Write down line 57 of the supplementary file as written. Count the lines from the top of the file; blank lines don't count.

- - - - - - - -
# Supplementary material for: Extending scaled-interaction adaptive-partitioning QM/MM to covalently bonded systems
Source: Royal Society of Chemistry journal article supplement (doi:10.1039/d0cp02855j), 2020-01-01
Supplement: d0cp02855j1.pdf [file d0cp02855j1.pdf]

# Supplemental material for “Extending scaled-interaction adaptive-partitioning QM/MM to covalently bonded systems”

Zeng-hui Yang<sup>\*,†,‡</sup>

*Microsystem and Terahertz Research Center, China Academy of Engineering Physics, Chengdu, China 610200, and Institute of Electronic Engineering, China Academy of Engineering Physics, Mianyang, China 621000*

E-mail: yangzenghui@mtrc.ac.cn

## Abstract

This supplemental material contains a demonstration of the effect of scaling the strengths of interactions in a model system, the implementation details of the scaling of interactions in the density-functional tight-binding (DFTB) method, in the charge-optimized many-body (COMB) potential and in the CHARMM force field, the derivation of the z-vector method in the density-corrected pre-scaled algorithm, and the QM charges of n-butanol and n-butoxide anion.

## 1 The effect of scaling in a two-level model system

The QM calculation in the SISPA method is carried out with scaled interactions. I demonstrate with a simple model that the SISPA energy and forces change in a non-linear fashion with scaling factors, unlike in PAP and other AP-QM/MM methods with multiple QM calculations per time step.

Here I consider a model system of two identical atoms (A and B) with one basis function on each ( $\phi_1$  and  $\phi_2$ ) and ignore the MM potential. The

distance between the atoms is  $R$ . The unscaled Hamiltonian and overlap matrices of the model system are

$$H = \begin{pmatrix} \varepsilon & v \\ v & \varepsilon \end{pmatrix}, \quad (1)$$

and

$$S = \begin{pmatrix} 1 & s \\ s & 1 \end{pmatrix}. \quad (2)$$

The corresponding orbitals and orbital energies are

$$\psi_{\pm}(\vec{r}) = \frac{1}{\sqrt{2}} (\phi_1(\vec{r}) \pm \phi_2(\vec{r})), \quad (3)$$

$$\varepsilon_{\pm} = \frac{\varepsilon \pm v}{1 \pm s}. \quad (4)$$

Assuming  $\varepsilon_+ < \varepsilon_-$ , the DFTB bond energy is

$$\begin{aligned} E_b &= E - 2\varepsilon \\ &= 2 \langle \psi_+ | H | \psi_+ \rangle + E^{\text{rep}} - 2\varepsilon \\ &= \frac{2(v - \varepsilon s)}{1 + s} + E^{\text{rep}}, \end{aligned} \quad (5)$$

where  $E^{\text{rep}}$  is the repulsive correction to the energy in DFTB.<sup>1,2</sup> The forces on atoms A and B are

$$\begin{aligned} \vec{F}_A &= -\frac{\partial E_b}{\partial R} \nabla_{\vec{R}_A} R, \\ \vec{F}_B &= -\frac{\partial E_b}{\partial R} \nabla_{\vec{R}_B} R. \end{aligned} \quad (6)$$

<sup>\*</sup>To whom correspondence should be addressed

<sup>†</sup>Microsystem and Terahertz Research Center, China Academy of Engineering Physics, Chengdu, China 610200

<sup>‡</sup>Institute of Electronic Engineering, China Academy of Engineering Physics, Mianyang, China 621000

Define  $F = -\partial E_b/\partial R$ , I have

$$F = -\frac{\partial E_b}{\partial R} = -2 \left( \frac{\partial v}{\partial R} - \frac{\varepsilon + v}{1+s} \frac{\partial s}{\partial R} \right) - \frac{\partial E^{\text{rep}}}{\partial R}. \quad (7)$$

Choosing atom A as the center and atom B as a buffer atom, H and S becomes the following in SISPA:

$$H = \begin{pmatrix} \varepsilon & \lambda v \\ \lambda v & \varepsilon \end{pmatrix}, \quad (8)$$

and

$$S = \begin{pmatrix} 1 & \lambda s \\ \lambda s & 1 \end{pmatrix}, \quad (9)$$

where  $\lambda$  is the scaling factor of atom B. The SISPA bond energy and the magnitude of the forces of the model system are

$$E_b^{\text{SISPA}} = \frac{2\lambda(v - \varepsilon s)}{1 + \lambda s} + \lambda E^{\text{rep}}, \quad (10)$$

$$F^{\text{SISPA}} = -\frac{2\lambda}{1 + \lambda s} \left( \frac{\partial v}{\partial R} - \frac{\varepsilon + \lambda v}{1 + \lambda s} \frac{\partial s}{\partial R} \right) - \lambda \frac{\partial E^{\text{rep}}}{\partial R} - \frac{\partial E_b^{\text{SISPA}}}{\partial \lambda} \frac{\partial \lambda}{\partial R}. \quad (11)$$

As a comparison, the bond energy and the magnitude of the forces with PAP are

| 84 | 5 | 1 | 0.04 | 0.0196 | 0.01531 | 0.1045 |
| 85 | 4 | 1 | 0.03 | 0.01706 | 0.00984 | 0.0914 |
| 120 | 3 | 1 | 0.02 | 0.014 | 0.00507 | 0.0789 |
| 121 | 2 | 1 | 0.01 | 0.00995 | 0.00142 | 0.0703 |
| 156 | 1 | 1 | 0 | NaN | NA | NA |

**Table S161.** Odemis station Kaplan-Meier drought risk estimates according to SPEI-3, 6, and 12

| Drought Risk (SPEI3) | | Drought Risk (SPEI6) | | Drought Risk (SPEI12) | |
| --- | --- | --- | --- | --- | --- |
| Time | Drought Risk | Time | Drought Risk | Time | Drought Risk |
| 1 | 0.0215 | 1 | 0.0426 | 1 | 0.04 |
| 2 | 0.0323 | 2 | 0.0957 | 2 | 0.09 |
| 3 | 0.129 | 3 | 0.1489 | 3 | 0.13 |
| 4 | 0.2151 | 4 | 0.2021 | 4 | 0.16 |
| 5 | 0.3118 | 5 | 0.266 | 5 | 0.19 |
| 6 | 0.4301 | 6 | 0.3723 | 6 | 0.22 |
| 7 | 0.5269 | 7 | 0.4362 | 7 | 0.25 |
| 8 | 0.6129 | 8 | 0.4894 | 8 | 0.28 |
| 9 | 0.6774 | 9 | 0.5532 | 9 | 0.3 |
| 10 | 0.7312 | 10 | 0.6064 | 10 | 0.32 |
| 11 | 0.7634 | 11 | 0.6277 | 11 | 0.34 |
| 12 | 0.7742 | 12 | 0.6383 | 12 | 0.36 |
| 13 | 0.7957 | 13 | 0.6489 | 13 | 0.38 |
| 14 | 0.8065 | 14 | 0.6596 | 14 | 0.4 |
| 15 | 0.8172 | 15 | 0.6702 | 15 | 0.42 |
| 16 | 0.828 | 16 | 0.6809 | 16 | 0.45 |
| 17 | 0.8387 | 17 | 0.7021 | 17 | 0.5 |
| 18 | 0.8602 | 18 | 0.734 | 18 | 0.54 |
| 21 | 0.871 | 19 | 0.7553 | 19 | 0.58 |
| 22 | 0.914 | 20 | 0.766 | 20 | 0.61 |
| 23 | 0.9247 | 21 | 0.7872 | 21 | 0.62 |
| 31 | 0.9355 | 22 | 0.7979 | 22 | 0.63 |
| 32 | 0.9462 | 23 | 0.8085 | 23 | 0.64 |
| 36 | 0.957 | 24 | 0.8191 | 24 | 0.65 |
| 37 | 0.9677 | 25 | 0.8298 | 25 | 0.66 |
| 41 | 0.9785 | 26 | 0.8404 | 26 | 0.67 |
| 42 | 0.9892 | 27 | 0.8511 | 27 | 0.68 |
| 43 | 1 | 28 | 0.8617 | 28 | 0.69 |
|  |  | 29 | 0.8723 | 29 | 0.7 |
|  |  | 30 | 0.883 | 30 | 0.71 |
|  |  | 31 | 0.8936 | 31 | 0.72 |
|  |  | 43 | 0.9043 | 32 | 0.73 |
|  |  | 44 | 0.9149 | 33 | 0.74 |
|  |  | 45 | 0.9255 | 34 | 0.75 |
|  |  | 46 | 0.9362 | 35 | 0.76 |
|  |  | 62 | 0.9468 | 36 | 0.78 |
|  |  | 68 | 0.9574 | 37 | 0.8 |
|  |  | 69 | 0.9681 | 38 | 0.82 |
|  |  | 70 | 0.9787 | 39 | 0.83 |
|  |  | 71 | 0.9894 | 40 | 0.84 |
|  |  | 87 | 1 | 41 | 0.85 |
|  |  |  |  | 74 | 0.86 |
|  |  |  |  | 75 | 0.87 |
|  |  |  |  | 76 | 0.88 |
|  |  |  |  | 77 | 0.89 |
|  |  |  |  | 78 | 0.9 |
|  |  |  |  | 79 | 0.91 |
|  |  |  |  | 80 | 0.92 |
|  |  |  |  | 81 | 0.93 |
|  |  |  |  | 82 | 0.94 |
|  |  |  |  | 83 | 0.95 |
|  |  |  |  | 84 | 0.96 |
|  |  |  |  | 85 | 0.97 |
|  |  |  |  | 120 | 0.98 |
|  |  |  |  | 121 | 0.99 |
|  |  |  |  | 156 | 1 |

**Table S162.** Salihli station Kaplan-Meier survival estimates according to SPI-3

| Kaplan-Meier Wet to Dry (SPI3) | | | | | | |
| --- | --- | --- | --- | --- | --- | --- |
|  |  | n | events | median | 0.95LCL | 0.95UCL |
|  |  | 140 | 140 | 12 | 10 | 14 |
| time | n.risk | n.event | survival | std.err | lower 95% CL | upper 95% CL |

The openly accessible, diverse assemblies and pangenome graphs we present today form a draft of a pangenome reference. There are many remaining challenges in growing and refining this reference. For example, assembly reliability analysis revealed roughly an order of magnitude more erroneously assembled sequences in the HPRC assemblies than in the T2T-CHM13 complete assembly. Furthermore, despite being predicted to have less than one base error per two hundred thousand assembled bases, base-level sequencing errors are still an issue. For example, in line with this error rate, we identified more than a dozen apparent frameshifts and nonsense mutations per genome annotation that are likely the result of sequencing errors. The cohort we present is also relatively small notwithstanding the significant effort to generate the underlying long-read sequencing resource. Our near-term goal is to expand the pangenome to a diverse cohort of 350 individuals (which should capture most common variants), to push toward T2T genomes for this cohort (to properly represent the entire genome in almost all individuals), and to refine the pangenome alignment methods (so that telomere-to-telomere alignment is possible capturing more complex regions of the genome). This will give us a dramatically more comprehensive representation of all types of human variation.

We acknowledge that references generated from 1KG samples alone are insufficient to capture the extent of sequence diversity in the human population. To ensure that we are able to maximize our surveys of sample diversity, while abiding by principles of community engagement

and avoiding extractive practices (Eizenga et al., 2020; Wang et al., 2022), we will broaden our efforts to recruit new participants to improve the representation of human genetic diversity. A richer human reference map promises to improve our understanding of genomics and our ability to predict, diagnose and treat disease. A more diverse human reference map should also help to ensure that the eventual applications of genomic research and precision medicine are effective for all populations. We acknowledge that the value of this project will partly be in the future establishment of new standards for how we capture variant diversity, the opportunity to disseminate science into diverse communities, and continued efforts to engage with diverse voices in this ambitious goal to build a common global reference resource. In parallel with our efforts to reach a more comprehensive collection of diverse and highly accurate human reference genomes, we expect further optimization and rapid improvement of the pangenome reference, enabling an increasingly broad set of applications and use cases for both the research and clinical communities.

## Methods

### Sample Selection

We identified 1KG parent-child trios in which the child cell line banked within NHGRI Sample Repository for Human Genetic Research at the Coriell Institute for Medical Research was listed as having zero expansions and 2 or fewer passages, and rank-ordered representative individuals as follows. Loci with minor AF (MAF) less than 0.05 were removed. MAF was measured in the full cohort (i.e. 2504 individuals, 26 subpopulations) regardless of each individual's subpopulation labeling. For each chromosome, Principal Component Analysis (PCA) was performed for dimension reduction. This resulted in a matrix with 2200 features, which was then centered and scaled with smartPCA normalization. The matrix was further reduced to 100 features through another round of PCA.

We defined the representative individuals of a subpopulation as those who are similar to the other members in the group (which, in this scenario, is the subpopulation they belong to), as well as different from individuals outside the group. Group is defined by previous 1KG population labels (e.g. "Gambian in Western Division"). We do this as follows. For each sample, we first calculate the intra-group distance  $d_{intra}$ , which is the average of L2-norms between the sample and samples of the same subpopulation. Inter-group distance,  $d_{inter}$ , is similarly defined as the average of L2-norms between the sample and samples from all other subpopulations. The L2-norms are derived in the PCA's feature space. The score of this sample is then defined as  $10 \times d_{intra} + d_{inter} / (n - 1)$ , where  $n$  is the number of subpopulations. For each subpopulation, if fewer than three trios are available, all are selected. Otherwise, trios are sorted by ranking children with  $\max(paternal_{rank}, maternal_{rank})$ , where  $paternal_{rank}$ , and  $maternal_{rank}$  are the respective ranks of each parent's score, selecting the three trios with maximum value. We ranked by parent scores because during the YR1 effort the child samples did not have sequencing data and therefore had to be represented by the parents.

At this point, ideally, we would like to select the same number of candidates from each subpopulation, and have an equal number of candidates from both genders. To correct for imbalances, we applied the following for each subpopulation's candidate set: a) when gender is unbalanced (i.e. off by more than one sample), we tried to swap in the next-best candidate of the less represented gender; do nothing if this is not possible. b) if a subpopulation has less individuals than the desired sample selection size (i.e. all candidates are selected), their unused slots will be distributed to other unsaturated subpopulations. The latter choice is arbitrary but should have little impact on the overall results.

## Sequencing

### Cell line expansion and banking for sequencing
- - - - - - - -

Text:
| 12 | 0.7742 | 12 | 0.6383 | 12 | 0.36 |